- This project will commence in September 2017 and run for 15 months
- Jointly run between independent health care provider, CareUK and Imperial College London, in partnership with the charity User Voice.
- Primary aim is to improve insomnia symptoms and sleep quality, as well as numerous health-related outcomes in prison populations, and to reduce unnecessary prescriptions and help reduce medication trading and misuse.
- Will implement a treatment pathway with 30 prisoner-patients that includes active self-management, peer support and psychological therapies.
Prisoners are at least twice as likely to have insomnia as the general population; the majority have poor sleep quality, and almost all of those have chronic, long-term sleep problems. This negatively impacts quality of life and is linked to mortality, suicide, depression, anxiety, aggression and poor cognitive functioning – all of which can affect the safe running of the prison and prisoners’ rehabilitation.
There is a lack of standardised care for prisoners with sleep problems, and a need to modernise insomnia management in prisons in England and Wales.
This project is jointly led by CareUK, an independent provider of health care in prisons in England and Wales, and Imperial College London. User Voice, a charity led by ex-offenders supporting the rehabilitation of offenders, will have an active role during each research stage.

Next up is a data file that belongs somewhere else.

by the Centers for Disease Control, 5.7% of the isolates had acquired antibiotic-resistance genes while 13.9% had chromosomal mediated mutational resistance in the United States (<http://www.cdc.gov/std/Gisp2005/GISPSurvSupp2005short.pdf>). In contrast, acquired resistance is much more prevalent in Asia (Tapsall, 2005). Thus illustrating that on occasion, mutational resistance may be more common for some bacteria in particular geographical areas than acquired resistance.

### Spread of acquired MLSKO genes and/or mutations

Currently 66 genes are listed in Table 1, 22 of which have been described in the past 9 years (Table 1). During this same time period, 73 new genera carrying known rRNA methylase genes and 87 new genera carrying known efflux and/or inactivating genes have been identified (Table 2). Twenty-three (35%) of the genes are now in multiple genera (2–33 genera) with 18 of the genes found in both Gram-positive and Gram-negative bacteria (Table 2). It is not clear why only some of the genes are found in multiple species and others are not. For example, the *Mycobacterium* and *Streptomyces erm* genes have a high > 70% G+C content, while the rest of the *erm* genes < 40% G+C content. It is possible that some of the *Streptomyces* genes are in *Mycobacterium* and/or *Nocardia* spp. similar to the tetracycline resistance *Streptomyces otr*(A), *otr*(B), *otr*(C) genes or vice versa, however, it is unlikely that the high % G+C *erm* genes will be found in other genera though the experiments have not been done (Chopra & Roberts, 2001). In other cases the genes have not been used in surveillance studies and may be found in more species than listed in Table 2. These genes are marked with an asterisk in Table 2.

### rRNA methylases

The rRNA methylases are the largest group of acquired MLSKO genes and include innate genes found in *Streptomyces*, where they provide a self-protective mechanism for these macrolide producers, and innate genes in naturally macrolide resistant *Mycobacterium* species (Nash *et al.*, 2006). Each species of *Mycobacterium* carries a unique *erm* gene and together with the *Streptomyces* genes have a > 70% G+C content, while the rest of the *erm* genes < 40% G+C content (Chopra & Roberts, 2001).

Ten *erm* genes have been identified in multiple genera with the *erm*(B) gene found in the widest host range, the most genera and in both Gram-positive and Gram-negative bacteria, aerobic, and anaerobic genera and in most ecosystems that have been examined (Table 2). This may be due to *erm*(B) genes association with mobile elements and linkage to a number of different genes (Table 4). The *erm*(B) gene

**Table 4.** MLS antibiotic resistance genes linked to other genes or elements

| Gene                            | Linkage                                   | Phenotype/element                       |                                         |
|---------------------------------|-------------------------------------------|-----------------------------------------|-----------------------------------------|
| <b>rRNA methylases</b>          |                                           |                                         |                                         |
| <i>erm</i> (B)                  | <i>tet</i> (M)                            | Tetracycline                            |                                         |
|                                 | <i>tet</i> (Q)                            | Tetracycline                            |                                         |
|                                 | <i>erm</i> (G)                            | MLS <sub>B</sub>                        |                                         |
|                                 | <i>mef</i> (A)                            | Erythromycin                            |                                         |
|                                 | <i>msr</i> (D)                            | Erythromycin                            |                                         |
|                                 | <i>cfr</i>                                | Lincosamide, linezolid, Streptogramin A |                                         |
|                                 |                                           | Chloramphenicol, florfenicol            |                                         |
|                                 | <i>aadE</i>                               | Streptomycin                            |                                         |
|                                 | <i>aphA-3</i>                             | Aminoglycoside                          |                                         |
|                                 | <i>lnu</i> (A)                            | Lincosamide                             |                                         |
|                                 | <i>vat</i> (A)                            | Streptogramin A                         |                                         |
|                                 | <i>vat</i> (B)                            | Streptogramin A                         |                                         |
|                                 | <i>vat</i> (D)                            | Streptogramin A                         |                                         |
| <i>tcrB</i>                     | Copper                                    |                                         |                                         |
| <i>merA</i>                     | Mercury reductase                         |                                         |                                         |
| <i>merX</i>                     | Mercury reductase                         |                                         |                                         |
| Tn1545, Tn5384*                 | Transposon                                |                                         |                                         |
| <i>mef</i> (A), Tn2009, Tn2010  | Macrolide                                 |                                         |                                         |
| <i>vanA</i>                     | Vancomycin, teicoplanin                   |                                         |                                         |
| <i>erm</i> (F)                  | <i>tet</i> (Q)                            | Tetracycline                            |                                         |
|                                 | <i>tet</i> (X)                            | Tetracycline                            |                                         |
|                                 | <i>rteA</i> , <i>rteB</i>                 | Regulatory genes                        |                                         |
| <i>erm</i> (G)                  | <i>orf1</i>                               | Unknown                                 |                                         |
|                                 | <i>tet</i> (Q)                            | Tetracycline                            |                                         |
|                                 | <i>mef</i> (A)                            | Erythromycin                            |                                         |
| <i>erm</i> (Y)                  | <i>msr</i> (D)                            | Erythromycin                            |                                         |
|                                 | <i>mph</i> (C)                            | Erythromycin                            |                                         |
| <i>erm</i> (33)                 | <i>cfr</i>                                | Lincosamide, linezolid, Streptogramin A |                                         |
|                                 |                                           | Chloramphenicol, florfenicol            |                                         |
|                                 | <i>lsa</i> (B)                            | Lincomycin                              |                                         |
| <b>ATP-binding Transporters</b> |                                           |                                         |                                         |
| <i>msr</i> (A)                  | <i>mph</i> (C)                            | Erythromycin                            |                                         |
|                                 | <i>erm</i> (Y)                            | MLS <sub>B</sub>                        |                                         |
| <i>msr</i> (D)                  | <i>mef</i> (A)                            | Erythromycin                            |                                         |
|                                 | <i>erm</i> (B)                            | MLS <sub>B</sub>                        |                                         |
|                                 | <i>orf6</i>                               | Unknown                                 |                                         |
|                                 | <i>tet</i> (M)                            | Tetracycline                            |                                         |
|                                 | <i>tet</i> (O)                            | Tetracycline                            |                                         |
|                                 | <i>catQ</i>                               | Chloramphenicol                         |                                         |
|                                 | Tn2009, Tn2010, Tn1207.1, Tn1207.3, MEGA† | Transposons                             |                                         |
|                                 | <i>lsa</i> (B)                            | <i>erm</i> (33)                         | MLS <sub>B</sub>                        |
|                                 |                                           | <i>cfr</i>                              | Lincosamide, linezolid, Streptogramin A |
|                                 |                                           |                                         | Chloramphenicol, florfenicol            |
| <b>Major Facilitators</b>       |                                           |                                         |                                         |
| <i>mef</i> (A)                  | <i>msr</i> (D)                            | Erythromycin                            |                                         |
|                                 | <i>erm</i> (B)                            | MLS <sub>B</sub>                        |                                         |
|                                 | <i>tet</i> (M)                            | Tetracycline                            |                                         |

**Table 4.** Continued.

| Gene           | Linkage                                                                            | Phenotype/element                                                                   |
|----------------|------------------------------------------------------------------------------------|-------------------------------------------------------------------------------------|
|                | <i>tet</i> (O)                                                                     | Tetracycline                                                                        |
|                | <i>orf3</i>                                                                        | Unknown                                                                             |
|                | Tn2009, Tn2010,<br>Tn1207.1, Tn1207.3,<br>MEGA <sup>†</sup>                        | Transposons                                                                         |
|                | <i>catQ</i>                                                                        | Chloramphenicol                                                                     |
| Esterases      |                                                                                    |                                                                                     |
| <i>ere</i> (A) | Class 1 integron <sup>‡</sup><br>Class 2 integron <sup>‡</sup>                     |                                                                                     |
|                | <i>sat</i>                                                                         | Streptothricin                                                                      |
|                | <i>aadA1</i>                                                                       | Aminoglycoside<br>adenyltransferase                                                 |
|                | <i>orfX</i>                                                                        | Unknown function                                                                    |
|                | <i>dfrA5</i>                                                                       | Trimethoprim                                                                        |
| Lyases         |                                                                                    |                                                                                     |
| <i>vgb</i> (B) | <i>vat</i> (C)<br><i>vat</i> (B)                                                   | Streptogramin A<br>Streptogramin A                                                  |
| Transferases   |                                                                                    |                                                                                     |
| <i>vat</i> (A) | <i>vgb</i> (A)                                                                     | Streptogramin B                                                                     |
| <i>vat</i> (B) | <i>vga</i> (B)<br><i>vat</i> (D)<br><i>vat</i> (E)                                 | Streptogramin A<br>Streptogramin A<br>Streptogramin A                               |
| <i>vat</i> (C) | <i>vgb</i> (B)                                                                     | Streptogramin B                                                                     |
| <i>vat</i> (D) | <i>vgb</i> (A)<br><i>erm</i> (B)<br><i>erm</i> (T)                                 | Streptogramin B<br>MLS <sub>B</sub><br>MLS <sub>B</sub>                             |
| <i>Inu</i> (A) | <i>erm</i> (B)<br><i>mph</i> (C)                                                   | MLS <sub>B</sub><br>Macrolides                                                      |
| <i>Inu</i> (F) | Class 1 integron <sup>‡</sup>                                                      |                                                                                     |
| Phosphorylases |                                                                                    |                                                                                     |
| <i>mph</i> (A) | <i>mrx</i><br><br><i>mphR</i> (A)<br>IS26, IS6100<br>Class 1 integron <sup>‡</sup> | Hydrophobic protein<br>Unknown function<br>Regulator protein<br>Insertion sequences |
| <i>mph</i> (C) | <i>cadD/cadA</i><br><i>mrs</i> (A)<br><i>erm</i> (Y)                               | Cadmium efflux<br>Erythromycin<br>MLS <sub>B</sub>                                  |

The project involves implementing a treatment pathway for insomnia in prison patients, with a stepped-care approach that provides ongoing support for sleep problems. Central to the pathway are self-management, peer group involvement and psychological therapies.
The key stages will involve different levels of support, for example stage one being the transition from the community, at which point the prisoner would receive a medication review, a short assessment for insomnia and a self-help sleep pack; and stage four, which is treatment for long-term insomnia, which involves cognitive behavioural therapy for insomnia (CBTi).
The pathway will be delivered to 30 prisoner-patients by a multidisciplinary team. Current prisoners will be trained in good sleep health, how to adapt to the prison environment and how to support new prisoners in relation to their sleep. They will provide this support to prisoners throughout their time in prison alongside IAPT (Improving Access to Psychological Therapies) workers who will be trained in CBTi.